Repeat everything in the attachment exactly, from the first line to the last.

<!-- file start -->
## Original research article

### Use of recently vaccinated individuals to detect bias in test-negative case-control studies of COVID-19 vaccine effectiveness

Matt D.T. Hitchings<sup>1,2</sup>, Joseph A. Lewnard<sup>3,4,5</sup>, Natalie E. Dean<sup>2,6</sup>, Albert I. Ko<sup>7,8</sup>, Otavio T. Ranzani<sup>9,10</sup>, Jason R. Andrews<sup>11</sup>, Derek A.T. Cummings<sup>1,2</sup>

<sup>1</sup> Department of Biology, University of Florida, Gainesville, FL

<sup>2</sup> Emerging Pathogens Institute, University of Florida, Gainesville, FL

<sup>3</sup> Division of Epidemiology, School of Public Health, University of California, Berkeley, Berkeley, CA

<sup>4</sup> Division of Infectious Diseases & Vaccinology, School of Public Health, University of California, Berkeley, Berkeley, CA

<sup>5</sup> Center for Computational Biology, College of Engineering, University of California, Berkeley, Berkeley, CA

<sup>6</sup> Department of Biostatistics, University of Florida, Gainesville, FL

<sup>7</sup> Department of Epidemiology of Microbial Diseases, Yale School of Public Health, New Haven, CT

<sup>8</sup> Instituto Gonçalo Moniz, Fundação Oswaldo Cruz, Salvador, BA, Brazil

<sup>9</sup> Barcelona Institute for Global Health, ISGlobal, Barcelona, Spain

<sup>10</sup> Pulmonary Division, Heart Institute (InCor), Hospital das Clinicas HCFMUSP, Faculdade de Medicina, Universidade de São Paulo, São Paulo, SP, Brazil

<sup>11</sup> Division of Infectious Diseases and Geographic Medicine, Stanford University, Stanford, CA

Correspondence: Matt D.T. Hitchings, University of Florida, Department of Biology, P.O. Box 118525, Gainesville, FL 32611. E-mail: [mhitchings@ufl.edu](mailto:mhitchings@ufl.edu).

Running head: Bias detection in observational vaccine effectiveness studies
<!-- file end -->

## Original research article

### Use of recently vaccinated individuals to detect bias in test-negative case-control studies of COVID-19 vaccine effectiveness

Matt D.T. Hitchings<sup>1,2</sup>, Joseph A. Lewnard<sup>3,4,5</sup>, Natalie E. Dean<sup>2,6</sup>, Albert I. Ko<sup>7,8</sup>, Otavio T. Ranzani<sup>9,10</sup>, Jason R. Andrews<sup>11</sup>, Derek A.T. Cummings<sup>1,2</sup>

<sup>1</sup> Department of Biology, University of Florida, Gainesville, FL

<sup>2</sup> Emerging Pathogens Institute, University of Florida, Gainesville, FL

<sup>3</sup> Division of Epidemiology, School of Public Health, University of California, Berkeley, Berkeley, CA

<sup>4</sup> Division of Infectious Diseases & Vaccinology, School of Public Health, University of California, Berkeley, Berkeley, CA

<sup>5</sup> Center for Computational Biology, College of Engineering, University of California, Berkeley, Berkeley, CA

<sup>6</sup> Department of Biostatistics, University of Florida, Gainesville, FL

<sup>7</sup> Department of Epidemiology of Microbial Diseases, Yale School of Public Health, New Haven, CT

<sup>8</sup> Instituto Gonçalo Moniz, Fundação Oswaldo Cruz, Salvador, BA, Brazil

<sup>9</sup> Barcelona Institute for Global Health, ISGlobal, Barcelona, Spain

<sup>10</sup> Pulmonary Division, Heart Institute (InCor), Hospital das Clinicas HCFMUSP, Faculdade de Medicina, Universidade de São Paulo, São Paulo, SP, Brazil

<sup>11</sup> Division of Infectious Diseases and Geographic Medicine, Stanford University, Stanford, CA

Correspondence: Matt D.T. Hitchings, University of Florida, Department of Biology, P.O. Box 118525, Gainesville, FL 32611. E-mail: [mhitchings@ufl.edu](mailto:mhitchings@ufl.edu).

Running head: Bias detection in observational vaccine effectiveness studies